Drawing the team to a halt at the Grant home, Paul turned to face Marguerite. As she looked up at him, he gently leaned to kiss her lips. It came as a surprise, but not a disagreeable surprise. It was almost an impersonal kiss, yet it held promise, a promise of something more to follow. As Paul walked her to the door, he took off his hat. "When can I see you again?"

"I work every week day at the hotel, sometimes even on week ends. Are you sure you want to see me?"

"You bet I do!" He attempted to take her in his arms but she backed away, opening the door.

"Until tomorrow, then." His smile seemed contagious.

"Who was the gentleman that brought you home?" Her mother was preparing supper in the kitchen. "I peeked out the window when I heard the horses."

"His name is Paul Evans. He's staying at Geroux's. He lives in Chicago and he's a graduate of Northwestern University. I like him, he seems to be a gentleman."

"Have you been fighting with Charley?"

"It's nothing like that, Mom. Paul is just a new friend."

Her mother hesitated, and then said, "You're playing with fire, you know."

"Mother, I know you like Charley and so do I, but it's been two years now and he hasn't proposed. I'm twenty years old and I'm not going to end up an old maid. It's not often I meet a man like Paul. I'm going to make the most of it while I can. Anyway, he'll be leaving for Chicago in another few days. What harm is there in my seeing him?"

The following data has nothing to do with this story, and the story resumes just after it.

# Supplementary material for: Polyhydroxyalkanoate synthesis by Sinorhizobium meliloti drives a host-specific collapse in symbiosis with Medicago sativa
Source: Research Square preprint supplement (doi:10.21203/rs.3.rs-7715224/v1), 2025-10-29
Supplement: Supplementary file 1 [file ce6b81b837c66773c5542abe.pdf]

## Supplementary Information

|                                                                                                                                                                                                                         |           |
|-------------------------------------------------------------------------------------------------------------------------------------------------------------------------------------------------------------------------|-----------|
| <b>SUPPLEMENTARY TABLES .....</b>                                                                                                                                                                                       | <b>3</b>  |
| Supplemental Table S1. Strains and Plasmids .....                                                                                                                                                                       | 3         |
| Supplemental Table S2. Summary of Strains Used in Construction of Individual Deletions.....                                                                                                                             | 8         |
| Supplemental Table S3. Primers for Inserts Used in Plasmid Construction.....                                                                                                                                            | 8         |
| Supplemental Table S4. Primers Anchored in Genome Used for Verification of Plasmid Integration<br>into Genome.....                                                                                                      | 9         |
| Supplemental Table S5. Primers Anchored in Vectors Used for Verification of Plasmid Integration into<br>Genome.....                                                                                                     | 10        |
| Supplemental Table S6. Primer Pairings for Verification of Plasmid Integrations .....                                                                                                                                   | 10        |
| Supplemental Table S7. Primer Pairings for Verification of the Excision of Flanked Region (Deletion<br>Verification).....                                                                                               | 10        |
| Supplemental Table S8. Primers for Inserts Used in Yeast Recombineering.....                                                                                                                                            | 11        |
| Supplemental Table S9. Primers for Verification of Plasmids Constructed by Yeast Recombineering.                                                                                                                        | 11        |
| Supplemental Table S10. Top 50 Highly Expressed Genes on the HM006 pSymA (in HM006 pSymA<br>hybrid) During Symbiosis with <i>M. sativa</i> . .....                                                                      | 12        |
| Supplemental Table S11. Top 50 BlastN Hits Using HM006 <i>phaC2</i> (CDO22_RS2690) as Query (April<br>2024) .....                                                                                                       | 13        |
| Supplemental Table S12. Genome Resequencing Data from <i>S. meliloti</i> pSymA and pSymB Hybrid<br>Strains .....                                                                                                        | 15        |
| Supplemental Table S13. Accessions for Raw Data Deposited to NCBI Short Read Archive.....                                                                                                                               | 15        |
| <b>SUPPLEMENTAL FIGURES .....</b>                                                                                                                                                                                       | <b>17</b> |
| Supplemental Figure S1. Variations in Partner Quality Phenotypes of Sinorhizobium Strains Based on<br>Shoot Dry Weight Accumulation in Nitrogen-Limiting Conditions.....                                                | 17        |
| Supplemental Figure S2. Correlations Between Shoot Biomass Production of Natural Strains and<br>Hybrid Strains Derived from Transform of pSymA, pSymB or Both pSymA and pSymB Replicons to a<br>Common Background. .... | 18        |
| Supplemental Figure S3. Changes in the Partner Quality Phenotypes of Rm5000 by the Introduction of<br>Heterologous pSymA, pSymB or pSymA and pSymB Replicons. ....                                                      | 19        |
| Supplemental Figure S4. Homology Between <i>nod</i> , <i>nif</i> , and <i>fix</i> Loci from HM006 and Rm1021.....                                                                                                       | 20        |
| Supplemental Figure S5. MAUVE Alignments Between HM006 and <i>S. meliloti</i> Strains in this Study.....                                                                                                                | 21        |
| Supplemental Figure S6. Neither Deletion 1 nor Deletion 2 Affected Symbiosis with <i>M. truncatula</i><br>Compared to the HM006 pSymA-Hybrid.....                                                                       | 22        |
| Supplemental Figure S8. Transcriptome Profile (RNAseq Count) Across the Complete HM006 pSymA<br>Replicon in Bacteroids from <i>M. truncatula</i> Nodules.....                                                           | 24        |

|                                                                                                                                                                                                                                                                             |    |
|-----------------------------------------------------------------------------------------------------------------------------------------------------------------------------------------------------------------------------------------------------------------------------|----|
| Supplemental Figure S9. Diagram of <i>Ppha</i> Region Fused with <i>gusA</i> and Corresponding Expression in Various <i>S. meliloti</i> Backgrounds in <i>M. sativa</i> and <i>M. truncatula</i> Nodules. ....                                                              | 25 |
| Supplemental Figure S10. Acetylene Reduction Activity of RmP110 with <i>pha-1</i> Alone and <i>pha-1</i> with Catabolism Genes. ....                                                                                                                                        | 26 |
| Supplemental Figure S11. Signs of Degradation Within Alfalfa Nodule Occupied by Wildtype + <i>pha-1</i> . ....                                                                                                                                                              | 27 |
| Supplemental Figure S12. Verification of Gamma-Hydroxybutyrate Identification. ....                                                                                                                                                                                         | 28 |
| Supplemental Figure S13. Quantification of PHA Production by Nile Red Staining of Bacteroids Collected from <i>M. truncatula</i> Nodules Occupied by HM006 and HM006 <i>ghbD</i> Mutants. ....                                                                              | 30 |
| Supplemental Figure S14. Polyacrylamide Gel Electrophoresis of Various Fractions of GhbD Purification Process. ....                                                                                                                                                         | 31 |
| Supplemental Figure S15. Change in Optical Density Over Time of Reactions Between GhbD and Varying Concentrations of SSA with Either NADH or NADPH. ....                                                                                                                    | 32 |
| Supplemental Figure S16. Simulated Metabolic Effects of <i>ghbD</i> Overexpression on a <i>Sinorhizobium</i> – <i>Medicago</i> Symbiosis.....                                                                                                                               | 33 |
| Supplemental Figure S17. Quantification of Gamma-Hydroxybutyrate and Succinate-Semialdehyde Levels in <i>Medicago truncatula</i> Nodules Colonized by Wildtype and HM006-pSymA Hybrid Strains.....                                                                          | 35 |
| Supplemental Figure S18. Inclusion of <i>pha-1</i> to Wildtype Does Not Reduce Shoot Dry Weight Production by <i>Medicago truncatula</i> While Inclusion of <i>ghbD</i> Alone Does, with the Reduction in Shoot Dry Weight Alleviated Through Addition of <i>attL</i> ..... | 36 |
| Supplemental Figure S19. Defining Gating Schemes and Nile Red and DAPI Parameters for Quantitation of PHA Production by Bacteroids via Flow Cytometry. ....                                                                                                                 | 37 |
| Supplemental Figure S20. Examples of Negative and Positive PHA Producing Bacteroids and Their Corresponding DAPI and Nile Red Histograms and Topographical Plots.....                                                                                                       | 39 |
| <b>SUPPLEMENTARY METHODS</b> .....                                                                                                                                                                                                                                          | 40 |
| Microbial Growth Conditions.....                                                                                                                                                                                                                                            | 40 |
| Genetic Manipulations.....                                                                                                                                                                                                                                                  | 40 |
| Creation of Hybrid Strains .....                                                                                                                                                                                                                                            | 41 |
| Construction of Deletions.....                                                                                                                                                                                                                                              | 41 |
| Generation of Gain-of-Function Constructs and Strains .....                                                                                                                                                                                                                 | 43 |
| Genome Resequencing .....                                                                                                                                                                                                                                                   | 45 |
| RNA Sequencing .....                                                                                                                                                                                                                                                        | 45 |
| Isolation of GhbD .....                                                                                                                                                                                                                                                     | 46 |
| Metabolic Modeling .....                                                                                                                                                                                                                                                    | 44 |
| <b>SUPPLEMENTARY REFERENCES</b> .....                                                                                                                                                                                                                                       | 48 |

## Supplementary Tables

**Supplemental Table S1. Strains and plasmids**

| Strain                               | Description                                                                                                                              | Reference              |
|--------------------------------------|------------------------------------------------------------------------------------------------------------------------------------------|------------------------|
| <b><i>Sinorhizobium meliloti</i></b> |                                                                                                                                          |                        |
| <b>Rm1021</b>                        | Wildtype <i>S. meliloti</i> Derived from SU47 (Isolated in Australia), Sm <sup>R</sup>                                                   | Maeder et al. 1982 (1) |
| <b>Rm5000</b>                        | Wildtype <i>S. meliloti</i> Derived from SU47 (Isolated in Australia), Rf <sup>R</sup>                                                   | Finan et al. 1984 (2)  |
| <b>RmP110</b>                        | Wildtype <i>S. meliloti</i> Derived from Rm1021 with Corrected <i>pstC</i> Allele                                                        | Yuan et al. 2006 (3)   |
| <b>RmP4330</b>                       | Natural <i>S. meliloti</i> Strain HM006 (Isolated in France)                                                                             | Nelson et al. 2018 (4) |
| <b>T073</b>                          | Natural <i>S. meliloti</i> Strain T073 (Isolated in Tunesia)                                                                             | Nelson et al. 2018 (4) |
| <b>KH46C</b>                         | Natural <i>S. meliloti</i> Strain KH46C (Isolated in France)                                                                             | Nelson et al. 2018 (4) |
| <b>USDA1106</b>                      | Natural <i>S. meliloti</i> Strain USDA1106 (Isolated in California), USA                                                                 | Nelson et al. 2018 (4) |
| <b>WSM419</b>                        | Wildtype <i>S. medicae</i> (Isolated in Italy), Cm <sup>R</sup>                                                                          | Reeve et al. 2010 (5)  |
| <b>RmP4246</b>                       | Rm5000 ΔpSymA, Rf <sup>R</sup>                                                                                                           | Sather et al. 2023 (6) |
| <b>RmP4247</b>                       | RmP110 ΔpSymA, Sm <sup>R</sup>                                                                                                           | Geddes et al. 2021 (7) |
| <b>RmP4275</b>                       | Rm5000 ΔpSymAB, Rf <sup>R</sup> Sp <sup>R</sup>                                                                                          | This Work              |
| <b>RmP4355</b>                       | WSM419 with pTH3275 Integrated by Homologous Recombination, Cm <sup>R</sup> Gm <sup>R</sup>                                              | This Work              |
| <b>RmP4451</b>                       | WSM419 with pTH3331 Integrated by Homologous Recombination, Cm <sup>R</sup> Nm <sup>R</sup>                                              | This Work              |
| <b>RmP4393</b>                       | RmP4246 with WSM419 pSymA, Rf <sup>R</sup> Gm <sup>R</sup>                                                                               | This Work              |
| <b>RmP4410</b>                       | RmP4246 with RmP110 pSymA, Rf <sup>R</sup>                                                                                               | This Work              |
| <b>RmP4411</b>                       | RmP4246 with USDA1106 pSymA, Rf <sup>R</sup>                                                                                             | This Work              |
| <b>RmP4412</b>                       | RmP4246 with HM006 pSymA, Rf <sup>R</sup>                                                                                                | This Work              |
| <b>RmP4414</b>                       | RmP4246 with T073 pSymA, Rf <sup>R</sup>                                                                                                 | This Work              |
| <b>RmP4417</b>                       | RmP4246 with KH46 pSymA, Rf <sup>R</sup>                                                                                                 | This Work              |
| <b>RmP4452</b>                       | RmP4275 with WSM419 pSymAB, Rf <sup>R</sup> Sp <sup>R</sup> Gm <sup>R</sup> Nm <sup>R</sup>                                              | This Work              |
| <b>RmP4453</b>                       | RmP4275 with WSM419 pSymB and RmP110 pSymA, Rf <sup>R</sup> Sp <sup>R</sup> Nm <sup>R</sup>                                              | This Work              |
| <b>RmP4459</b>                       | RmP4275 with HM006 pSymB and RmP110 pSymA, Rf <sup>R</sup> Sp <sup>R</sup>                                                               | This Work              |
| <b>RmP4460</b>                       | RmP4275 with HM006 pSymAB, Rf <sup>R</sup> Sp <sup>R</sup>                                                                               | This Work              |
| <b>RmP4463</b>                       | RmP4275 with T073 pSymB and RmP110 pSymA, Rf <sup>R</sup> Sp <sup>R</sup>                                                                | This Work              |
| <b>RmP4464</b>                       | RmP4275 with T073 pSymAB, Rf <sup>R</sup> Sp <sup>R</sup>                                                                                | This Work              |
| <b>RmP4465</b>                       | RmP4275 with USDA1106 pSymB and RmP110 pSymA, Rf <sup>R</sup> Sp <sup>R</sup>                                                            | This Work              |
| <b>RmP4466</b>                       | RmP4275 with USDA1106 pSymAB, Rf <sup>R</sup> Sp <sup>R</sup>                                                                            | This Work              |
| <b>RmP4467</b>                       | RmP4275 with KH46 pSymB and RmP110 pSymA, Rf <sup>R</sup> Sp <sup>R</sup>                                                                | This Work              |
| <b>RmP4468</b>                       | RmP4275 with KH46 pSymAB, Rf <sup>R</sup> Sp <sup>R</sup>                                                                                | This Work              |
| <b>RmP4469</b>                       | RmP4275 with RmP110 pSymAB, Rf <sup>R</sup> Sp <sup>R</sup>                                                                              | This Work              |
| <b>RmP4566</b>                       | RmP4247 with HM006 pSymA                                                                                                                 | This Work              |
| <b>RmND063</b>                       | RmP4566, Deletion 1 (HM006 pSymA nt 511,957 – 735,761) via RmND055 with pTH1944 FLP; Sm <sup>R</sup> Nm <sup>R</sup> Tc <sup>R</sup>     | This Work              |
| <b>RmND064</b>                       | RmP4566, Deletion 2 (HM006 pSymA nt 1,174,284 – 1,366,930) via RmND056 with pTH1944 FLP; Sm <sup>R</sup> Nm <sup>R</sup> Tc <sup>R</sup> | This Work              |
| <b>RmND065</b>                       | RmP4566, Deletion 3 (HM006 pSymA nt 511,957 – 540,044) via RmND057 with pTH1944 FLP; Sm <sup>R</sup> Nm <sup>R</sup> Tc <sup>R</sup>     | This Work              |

Marguerite had no further contact with Charley during the remaining days of December. Strange, she thought, considering they had made tentative plans to attend the fort New Year's Ball. It became apparent that Charley must have found out about her outing with Paul on Christmas day, and was attempting to punish her for disloyalty. As the remaining days of December passed by she became incensed. She and Paul became more and more a couple. They had dinner together nearly every evening. When she failed to hear from Charley on the evening of December 30, she decided to throw caution to the winds. At the time she was having dinner with Paul at Bradshaw's Pembina House. "Paul, let's attend the New Year's Ball in Emerson tomorrow night."